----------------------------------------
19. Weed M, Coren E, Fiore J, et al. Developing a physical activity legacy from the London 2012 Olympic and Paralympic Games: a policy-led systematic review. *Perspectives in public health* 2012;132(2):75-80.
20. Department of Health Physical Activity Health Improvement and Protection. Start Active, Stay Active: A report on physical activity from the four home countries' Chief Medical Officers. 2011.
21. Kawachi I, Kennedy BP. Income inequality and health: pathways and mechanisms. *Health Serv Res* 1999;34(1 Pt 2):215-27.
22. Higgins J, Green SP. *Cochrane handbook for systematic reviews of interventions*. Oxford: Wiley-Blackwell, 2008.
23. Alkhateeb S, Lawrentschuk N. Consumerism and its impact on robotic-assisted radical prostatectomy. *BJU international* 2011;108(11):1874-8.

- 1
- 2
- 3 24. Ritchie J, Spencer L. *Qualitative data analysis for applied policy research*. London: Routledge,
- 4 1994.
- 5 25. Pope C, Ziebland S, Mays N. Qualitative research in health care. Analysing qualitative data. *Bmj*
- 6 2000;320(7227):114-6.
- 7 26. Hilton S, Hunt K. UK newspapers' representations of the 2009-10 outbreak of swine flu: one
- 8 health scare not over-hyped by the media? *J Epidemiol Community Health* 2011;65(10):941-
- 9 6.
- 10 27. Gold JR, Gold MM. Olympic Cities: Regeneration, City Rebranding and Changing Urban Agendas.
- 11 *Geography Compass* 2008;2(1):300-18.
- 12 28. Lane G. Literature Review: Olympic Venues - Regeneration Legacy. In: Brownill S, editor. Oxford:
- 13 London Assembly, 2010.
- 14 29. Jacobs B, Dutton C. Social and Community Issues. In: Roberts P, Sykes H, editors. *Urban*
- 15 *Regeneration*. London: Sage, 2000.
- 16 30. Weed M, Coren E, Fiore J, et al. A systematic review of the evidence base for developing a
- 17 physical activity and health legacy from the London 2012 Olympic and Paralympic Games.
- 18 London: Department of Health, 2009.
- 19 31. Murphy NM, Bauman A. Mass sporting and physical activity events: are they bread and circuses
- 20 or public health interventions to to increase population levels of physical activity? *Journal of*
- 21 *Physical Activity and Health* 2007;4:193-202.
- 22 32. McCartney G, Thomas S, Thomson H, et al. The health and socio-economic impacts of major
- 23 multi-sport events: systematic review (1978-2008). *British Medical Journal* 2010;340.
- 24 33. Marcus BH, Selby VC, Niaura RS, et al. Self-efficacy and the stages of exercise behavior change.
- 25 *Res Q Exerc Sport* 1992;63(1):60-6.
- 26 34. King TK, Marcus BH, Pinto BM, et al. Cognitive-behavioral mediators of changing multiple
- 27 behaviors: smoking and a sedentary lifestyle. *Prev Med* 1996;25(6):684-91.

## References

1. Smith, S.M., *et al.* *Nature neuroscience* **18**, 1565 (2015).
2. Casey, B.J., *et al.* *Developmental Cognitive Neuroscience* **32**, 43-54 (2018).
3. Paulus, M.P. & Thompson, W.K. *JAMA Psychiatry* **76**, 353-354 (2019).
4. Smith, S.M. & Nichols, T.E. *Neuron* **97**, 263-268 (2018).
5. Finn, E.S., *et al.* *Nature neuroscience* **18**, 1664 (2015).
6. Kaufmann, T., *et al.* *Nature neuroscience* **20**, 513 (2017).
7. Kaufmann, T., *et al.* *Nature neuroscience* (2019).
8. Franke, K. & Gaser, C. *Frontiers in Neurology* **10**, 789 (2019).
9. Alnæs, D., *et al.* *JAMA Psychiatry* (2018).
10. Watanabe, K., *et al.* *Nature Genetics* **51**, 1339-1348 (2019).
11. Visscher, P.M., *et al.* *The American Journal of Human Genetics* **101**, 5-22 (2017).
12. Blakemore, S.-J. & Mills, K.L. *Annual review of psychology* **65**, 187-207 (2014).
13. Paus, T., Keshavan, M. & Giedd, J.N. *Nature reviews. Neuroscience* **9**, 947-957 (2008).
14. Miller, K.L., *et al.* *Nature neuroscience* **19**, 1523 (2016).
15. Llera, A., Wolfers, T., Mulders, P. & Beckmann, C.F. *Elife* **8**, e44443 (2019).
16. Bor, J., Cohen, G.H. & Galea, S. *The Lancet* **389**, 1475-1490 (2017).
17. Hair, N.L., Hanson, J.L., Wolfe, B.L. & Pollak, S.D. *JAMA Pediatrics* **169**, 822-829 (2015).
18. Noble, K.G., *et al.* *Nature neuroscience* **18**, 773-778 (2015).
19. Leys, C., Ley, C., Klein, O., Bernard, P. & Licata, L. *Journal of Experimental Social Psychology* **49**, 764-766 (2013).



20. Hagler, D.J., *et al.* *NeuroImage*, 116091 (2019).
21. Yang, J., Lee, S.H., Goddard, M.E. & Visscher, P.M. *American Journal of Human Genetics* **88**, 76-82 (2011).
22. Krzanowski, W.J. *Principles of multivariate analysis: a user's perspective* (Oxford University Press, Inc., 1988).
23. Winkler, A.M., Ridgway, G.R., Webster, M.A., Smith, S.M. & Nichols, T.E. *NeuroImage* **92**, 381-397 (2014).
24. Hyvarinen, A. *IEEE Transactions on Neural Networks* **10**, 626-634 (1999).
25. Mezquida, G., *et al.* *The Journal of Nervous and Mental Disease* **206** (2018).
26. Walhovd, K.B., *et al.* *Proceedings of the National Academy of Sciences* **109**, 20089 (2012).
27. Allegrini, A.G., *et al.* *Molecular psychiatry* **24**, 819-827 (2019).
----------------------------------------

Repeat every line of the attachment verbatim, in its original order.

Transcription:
19. Weed M, Coren E, Fiore J, et al. Developing a physical activity legacy from the London 2012 Olympic and Paralympic Games: a policy-led systematic review. *Perspectives in public health* 2012;132(2):75-80.
20. Department of Health Physical Activity Health Improvement and Protection. Start Active, Stay Active: A report on physical activity from the four home countries' Chief Medical Officers. 2011.
21. Kawachi I, Kennedy BP. Income inequality and health: pathways and mechanisms. *Health Serv Res* 1999;34(1 Pt 2):215-27.
22. Higgins J, Green SP. *Cochrane handbook for systematic reviews of interventions*. Oxford: Wiley-Blackwell, 2008.
23. Alkhateeb S, Lawrentschuk N. Consumerism and its impact on robotic-assisted radical prostatectomy. *BJU international* 2011;108(11):1874-8.

- 1
- 2
- 3 24. Ritchie J, Spencer L. *Qualitative data analysis for applied policy research*. London: Routledge,
- 4 1994.
- 5 25. Pope C, Ziebland S, Mays N. Qualitative research in health care. Analysing qualitative data. *Bmj*
- 6 2000;320(7227):114-6.
- 7 26. Hilton S, Hunt K. UK newspapers' representations of the 2009-10 outbreak of swine flu: one
- 8 health scare not over-hyped by the media? *J Epidemiol Community Health* 2011;65(10):941-
- 9 6.
- 10 27. Gold JR, Gold MM. Olympic Cities: Regeneration, City Rebranding and Changing Urban Agendas.
- 11 *Geography Compass* 2008;2(1):300-18.
- 12 28. Lane G. Literature Review: Olympic Venues - Regeneration Legacy. In: Brownill S, editor. Oxford:
- 13 London Assembly, 2010.
- 14 29. Jacobs B, Dutton C. Social and Community Issues. In: Roberts P, Sykes H, editors. *Urban*
- 15 *Regeneration*. London: Sage, 2000.
- 16 30. Weed M, Coren E, Fiore J, et al. A systematic review of the evidence base for developing a
- 17 physical activity and health legacy from the London 2012 Olympic and Paralympic Games.
- 18 London: Department of Health, 2009.
- 19 31. Murphy NM, Bauman A. Mass sporting and physical activity events: are they bread and circuses
- 20 or public health interventions to to increase population levels of physical activity? *Journal of*
- 21 *Physical Activity and Health* 2007;4:193-202.
- 22 32. McCartney G, Thomas S, Thomson H, et al. The health and socio-economic impacts of major
- 23 multi-sport events: systematic review (1978-2008). *British Medical Journal* 2010;340.
- 24 33. Marcus BH, Selby VC, Niaura RS, et al. Self-efficacy and the stages of exercise behavior change.
- 25 *Res Q Exerc Sport* 1992;63(1):60-6.
- 26 34. King TK, Marcus BH, Pinto BM, et al. Cognitive-behavioral mediators of changing multiple
- 27 behaviors: smoking and a sedentary lifestyle. *Prev Med* 1996;25(6):684-91.

## References

1. Smith, S.M., *et al.* *Nature neuroscience* **18**, 1565 (2015).
2. Casey, B.J., *et al.* *Developmental Cognitive Neuroscience* **32**, 43-54 (2018).
3. Paulus, M.P. & Thompson, W.K. *JAMA Psychiatry* **76**, 353-354 (2019).
4. Smith, S.M. & Nichols, T.E. *Neuron* **97**, 263-268 (2018).
5. Finn, E.S., *et al.* *Nature neuroscience* **18**, 1664 (2015).
6. Kaufmann, T., *et al.* *Nature neuroscience* **20**, 513 (2017).
7. Kaufmann, T., *et al.* *Nature neuroscience* (2019).
8. Franke, K. & Gaser, C. *Frontiers in Neurology* **10**, 789 (2019).
9. Alnæs, D., *et al.* *JAMA Psychiatry* (2018).
10. Watanabe, K., *et al.* *Nature Genetics* **51**, 1339-1348 (2019).
11. Visscher, P.M., *et al.* *The American Journal of Human Genetics* **101**, 5-22 (2017).
12. Blakemore, S.-J. & Mills, K.L. *Annual review of psychology* **65**, 187-207 (2014).
13. Paus, T., Keshavan, M. & Giedd, J.N. *Nature reviews. Neuroscience* **9**, 947-957 (2008).
14. Miller, K.L., *et al.* *Nature neuroscience* **19**, 1523 (2016).
15. Llera, A., Wolfers, T., Mulders, P. & Beckmann, C.F. *Elife* **8**, e44443 (2019).
16. Bor, J., Cohen, G.H. & Galea, S. *The Lancet* **389**, 1475-1490 (2017).
17. Hair, N.L., Hanson, J.L., Wolfe, B.L. & Pollak, S.D. *JAMA Pediatrics* **169**, 822-829 (2015).
18. Noble, K.G., *et al.* *Nature neuroscience* **18**, 773-778 (2015).
19. Leys, C., Ley, C., Klein, O., Bernard, P. & Licata, L. *Journal of Experimental Social Psychology* **49**, 764-766 (2013).



20. Hagler, D.J., *et al.* *NeuroImage*, 116091 (2019).
21. Yang, J., Lee, S.H., Goddard, M.E. & Visscher, P.M. *American Journal of Human Genetics* **88**, 76-82 (2011).
22. Krzanowski, W.J. *Principles of multivariate analysis: a user's perspective* (Oxford University Press, Inc., 1988).
23. Winkler, A.M., Ridgway, G.R., Webster, M.A., Smith, S.M. & Nichols, T.E. *NeuroImage* **92**, 381-397 (2014).
24. Hyvarinen, A. *IEEE Transactions on Neural Networks* **10**, 626-634 (1999).
25. Mezquida, G., *et al.* *The Journal of Nervous and Mental Disease* **206** (2018).
26. Walhovd, K.B., *et al.* *Proceedings of the National Academy of Sciences* **109**, 20089 (2012).
27. Allegrini, A.G., *et al.* *Molecular psychiatry* **24**, 819-827 (2019).